Husqvarna 51E

My obsession with vintage Husqvarnas is in full swing. It started with the one I recently posted about, which I got from Goodwill for $25, with a running motor and a turning handwheel but broken belt. It seems like once I get the belt issue fixed, it should actually work. (I re-measured the old broken one and found it to be closer to 19 3/4″ rather than the 19 1/4″ belt I have been fighting with. That half inch makes all the difference in the world. I think on my first measure I didn’t stretch it far enough because I didn’t want to touch all the goo all over it. Yuck.)

Being  a hoarder obsessive (not even joking), I also find it virtually impossible to pass up a $20 sewing machine even though my “office” is full of almost too many of said machines to move in. One day, I will start an Etsy shop. But not today. So Goodwill has provided me with multiple Husqvarnas in various states ranging from completely frozen to partially frozen to filthy and seemingly hopeless. In addition to the 19 with the belt problem, I have a 1030 (frozen handwheel/main shaft) and a 6020 with a frozen stitch selector and a broken stitch selector knob from someone trying to force it. I also bought another mystery one from ebay which looked to be in good condition, save for the missing speed control/power cord.







What some internet scouring and the super-helpful Yahoo vintage Husqvarna group tells me is that it’s a Husqvarna Viking 51E. Which is basically just a flatbed version of the Husqvarna 21 (which some argue was the best vintage Husqvarna model). It’s nearly impossible to find anyone talking about the model online, so it will be interesting to try! It has a three prong power cord, which doesn’t look like anything I currently have except maybe the Slantomatic cord, which is the wrong shape. I’ll have to see it in person before I try to find a replacement. Regardless, I love the green finish and the styling. My guess is that it, too, will need a new belt, but looking at the external setup and the lack of a reduction gear involved, my guess is that it will be easy peasy to throw a standard stretch v-belt on there. Also, with the way that everything is aligned and that exposed handwheel, if I could rig that up in a treadle table I bet I could even treadle with it!

6 thoughts on “Husqvarna 51E”

  1. i recently saw one of these fitted with a hide away into table set up here in sweden for about 15 bucks, wondering if its a nice machine. The 21 looks amazing but the 51e – is it a kind of semi industrial. Im wondering what your experience was with it and how it sews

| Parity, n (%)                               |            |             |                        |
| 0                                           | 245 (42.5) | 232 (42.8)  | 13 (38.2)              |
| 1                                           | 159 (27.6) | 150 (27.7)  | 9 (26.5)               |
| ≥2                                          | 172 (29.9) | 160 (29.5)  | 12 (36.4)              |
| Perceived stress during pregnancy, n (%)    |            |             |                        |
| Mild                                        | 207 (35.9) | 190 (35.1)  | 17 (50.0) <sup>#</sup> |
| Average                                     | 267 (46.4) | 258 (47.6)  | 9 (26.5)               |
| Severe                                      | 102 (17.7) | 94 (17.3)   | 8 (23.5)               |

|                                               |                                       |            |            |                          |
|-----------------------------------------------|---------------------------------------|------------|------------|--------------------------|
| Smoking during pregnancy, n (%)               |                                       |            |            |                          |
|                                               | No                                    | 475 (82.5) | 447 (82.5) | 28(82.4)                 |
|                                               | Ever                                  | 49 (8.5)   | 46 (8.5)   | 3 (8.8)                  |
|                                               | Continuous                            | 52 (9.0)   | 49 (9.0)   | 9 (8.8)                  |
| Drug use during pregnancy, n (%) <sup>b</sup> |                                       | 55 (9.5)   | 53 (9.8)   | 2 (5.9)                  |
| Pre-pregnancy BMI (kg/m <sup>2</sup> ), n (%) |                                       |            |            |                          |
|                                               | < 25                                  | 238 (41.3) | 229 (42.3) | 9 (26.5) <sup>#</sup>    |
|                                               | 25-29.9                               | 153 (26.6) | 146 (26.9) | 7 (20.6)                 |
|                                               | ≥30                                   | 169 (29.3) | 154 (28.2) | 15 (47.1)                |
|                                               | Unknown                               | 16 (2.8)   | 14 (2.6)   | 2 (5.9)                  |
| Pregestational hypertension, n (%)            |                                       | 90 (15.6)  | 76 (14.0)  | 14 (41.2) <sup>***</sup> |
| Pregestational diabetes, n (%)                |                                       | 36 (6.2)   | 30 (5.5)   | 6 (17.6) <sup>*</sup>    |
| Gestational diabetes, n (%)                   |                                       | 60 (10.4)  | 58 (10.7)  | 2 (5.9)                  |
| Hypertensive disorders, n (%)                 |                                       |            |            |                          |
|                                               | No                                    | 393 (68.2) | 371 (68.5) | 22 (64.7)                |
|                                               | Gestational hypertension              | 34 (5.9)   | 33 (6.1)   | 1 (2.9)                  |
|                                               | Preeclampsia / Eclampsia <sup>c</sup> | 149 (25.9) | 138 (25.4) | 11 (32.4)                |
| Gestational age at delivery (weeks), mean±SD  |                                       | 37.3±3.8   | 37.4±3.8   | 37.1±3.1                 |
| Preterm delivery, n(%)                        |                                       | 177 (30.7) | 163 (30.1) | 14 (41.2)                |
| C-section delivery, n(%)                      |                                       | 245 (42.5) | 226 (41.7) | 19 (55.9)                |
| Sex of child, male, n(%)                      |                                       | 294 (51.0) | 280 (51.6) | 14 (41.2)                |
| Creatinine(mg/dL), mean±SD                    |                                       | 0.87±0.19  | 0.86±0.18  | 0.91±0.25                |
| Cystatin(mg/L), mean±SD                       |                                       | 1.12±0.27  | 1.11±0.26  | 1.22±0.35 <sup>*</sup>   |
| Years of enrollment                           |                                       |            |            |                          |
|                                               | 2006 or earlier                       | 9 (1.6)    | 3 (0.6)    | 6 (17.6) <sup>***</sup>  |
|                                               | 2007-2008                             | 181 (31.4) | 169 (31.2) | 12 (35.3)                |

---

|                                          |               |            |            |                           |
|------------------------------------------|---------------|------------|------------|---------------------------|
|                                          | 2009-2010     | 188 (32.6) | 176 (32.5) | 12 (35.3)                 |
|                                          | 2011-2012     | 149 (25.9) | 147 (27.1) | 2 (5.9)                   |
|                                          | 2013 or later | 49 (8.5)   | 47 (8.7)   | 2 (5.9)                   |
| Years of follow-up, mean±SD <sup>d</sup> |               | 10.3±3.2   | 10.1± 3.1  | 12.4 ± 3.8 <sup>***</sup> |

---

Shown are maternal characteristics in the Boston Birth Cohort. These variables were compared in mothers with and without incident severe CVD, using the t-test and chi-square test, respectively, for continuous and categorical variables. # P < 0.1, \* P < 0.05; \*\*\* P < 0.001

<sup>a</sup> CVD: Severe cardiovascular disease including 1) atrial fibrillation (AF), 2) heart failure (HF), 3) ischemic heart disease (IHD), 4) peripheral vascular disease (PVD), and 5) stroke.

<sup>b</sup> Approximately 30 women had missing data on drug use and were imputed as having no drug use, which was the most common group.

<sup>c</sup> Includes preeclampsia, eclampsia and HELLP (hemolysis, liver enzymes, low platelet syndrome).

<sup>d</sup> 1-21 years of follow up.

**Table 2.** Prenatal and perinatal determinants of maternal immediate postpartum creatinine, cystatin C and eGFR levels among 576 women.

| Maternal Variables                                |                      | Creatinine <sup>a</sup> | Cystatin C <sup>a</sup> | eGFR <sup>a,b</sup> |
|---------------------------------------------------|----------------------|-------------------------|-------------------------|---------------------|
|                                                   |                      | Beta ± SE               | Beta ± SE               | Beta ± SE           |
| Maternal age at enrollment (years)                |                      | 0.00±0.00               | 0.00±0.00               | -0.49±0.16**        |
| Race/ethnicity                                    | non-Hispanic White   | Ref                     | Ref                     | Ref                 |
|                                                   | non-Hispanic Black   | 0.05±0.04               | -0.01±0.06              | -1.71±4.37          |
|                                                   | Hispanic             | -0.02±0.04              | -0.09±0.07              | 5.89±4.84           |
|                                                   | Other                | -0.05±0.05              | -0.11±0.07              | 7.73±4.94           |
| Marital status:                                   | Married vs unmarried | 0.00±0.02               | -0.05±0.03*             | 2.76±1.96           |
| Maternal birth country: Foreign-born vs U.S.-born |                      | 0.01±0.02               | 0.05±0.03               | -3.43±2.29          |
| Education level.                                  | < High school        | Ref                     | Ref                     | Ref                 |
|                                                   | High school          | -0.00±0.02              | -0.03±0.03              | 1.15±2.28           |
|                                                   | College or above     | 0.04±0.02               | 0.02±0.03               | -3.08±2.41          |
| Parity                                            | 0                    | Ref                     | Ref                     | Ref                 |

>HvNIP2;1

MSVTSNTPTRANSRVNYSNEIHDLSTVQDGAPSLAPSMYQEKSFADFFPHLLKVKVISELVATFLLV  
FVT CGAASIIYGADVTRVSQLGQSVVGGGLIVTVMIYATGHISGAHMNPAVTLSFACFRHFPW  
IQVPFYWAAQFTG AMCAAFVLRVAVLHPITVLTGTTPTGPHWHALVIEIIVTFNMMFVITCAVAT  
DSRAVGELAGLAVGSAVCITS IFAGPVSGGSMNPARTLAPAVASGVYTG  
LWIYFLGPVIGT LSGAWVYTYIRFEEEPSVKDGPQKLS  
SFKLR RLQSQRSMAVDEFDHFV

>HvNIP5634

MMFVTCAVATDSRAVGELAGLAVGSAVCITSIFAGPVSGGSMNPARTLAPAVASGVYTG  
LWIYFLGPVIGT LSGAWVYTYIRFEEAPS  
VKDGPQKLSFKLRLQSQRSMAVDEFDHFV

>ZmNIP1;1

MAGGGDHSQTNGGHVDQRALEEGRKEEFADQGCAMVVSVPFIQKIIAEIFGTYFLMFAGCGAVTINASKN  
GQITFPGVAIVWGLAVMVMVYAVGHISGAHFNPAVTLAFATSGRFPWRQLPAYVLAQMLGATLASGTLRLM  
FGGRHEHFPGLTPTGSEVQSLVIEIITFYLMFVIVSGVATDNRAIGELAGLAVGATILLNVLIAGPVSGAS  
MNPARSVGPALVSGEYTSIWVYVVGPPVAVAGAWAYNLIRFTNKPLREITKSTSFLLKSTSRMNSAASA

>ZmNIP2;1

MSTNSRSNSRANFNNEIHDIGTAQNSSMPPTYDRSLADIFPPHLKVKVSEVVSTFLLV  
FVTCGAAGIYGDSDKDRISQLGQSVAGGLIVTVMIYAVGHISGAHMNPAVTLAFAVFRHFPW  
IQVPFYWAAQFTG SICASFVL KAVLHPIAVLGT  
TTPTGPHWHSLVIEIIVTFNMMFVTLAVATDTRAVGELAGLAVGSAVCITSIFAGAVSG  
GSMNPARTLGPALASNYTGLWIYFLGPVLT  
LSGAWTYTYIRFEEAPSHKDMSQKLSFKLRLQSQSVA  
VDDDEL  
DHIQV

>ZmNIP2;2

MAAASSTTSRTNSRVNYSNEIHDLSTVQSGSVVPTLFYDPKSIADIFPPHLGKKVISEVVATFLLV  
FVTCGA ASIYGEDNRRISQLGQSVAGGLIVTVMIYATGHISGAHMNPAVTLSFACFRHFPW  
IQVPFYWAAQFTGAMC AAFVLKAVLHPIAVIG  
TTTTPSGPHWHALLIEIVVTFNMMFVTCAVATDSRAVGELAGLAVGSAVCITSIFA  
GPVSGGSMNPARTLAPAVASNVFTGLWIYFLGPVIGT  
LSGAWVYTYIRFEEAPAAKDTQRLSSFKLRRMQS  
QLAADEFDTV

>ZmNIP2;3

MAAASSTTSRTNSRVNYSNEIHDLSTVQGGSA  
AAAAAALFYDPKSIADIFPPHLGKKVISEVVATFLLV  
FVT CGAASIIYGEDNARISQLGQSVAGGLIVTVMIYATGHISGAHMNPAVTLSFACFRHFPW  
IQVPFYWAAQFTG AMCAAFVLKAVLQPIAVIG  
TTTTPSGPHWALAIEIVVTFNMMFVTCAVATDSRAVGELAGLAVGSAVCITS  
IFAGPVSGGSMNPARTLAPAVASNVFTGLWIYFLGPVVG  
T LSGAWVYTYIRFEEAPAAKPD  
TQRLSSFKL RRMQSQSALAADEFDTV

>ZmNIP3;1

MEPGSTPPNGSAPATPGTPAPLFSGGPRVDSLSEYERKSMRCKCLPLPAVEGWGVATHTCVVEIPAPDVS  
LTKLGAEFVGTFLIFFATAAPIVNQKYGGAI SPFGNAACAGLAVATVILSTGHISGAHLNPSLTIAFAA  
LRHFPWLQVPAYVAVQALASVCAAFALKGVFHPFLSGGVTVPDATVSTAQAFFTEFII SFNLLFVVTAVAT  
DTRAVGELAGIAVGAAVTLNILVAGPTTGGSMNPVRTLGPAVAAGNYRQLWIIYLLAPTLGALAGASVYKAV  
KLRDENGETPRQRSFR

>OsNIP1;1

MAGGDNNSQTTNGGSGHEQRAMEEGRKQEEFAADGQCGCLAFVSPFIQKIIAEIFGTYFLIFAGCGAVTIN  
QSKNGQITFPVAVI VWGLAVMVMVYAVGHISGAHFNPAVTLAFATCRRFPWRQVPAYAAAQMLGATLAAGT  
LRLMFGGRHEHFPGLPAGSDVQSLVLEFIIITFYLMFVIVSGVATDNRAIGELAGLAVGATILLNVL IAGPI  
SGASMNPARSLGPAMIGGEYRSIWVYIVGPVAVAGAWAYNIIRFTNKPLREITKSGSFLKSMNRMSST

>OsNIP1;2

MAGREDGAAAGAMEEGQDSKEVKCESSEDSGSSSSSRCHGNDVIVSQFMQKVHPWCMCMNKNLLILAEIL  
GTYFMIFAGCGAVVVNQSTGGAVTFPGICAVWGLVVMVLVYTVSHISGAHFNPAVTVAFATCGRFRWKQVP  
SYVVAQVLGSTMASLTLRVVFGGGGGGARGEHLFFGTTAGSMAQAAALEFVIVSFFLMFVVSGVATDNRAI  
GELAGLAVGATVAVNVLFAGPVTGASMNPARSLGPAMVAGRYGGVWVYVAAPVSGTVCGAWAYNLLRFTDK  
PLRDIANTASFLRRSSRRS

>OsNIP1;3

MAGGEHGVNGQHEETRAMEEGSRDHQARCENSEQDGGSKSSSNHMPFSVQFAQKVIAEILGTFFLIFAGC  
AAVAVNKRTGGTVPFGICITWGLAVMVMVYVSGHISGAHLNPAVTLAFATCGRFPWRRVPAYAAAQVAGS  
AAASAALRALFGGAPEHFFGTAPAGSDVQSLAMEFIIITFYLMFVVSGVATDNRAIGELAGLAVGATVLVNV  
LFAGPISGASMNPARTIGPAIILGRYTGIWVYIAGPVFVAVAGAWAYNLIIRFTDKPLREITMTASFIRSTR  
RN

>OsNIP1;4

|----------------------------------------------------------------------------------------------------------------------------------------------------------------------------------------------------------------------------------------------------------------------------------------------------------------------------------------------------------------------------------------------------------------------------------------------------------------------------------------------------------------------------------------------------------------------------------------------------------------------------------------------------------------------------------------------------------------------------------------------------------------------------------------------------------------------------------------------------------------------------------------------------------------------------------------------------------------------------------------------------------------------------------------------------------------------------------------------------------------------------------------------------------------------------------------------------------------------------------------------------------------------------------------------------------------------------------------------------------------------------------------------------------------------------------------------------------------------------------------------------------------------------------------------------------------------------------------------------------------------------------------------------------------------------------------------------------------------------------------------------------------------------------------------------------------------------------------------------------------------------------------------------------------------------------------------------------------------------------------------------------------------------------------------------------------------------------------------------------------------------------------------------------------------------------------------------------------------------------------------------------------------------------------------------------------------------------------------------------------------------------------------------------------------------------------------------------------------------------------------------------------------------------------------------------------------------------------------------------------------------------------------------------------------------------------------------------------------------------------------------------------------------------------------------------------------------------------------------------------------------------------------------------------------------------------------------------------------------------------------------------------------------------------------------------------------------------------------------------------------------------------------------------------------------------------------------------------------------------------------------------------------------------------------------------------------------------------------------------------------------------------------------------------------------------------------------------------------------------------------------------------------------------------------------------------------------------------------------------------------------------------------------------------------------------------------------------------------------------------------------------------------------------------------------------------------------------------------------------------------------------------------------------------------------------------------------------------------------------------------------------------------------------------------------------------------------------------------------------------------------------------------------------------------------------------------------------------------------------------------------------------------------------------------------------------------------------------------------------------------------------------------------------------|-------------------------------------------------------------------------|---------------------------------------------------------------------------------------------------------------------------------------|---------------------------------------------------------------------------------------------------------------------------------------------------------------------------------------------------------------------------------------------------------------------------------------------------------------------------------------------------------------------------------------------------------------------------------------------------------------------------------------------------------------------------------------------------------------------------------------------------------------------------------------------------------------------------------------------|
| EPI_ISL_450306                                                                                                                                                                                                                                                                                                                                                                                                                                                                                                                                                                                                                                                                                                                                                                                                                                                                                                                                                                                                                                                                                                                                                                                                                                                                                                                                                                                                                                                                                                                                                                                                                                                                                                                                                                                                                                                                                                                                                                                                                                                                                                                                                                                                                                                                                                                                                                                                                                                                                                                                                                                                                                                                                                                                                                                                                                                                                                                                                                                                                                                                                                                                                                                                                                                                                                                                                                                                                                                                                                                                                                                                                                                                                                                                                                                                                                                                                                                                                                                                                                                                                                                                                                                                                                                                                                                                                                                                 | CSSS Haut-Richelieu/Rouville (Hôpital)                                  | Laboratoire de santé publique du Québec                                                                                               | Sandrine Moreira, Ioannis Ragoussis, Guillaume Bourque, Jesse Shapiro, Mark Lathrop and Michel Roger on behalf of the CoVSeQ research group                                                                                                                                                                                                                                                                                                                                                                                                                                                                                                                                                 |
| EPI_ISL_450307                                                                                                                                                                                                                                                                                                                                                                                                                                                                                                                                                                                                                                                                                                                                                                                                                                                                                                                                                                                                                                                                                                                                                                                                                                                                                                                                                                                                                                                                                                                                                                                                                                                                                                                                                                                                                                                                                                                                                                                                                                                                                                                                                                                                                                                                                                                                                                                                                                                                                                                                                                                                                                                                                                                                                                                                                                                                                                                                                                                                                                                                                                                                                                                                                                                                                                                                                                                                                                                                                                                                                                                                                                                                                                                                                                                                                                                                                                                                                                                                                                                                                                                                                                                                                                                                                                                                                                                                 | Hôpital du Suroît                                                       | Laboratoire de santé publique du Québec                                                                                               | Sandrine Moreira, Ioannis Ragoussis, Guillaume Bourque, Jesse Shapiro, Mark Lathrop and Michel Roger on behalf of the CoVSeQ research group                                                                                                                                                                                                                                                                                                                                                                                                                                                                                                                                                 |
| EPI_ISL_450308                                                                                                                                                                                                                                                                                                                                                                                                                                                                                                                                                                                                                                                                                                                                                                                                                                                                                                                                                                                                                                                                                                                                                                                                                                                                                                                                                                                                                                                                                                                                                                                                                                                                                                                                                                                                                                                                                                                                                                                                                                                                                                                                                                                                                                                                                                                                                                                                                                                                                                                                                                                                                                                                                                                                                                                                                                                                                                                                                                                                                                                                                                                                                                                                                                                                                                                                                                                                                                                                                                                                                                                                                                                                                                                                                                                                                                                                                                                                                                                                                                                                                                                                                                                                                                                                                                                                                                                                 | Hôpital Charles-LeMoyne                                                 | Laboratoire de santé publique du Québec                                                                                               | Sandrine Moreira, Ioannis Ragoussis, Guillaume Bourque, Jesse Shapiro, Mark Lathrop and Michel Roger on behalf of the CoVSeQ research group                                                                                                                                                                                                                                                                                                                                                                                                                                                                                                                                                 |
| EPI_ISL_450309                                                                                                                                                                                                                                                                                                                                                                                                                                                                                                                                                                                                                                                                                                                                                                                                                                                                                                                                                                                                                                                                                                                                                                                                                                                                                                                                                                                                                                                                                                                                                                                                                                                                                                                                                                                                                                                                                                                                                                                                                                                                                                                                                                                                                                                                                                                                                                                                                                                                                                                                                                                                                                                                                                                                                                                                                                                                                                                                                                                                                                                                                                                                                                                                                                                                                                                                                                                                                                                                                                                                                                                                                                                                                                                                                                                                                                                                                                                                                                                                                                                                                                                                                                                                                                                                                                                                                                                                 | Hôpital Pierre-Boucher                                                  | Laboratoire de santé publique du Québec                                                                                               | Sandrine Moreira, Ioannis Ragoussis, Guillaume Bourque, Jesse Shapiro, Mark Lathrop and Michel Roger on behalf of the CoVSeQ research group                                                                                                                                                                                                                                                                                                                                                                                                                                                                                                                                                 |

1. Hi–I’m actually not very impressed with any Husqvarna I’ve sewn on, I’m afraid. The old green metal bodied ones look gorgeous, and the ones with the metal cleated belts seem like they would have a lot of power but in my limited experience, they weren’t any better for actually working on than any of my other Singers. The bobbin design is unusual and unless using a plastic bobbin, with mine, it was loud and finicky. The real reason I dislike them, though, is for maintenance reasons. Replacing a belt on the 19 and 21 models is a nightmare. There’s no easy way of getting in there to access stuff. And so many important pieces are little and plastic and brittle after all these years. If anything breaks, it’s a big problem. In the 51, it is nice, since the belt is external and accessible, but the clutch/handwheel release knob is plastic inside and won’t hold up to much abuse. (In the slightly later models, the original bearings were saturated with lubricant and they often bind up and freeze completely. When you try to spray them with something like WD40, it essentially ruins the machine. I’d be careful of that buying them secondhand, too. But I’m rambling.) Anyway, I wouldn’t consider any domestic husqvarna to be a semi-industrial. They aren’t built tough like the Bernina “semi-industrials” and with so many crucial parts being brittle plastic, using it for anything heavy duty will probably just end up breaking something important.

  2. I have my grandma’s 51E that she bought in 1964. The belt looked cracked and said HOOVER on it, so I took it to a vacuum cleaner shop. They sold me a Eurkea belt for $2.00! It fit, but it took some muscle to stretch it, being that it was so new. My problem now is that the zig-zag doesn’t work. I’m reluctant to put money into this machine. Any ideas? (I did clean and oil it as best I could. It still has a feeling of “stiffness.”)

    1. It’s so cool that you have your grandma’s machine–and also that they found you a belt! There is a series of parts that has to move the needle bar from side to side for zig zagging, and in my limited experience when these aren’t used they tend to gunk up with old oil and need to be unstuck. I wouldn’t sink a lot of money in it either, but often fixing gunk related stuff only requires the right kind of lubricant, time and some heat. If you can, try to get some TriFlow (Amazon carries it) in oil form–the spray kind will get everywhere inside the machine, I find) bc it really does work wonders that regular sewing machine oil can’t and you can use it for regular oiling too. Blue Creeper is harder to find but works even better at penetrating gunk in old machines–I apply it to all the oiling points, let it sit overnight, and then the next day parts are often unstuck. And the super secret weapon is a blow dryer–if you work your way over the moving parts using it to really warm the metal it expands and contracts with the temperature changes and this helps the lubricant work in and makes the old gunk temporarily pliable. So if you lubricate it, heat it, and gently try the zig zag motion it might unstick. The problem I’ve had with some Husqvarnas, though, has also been the knobs being brittle crap plastic that breaks or strips and then won’t work right with the inner mechanisms. So hopefully it’s just gunk. Good luck!

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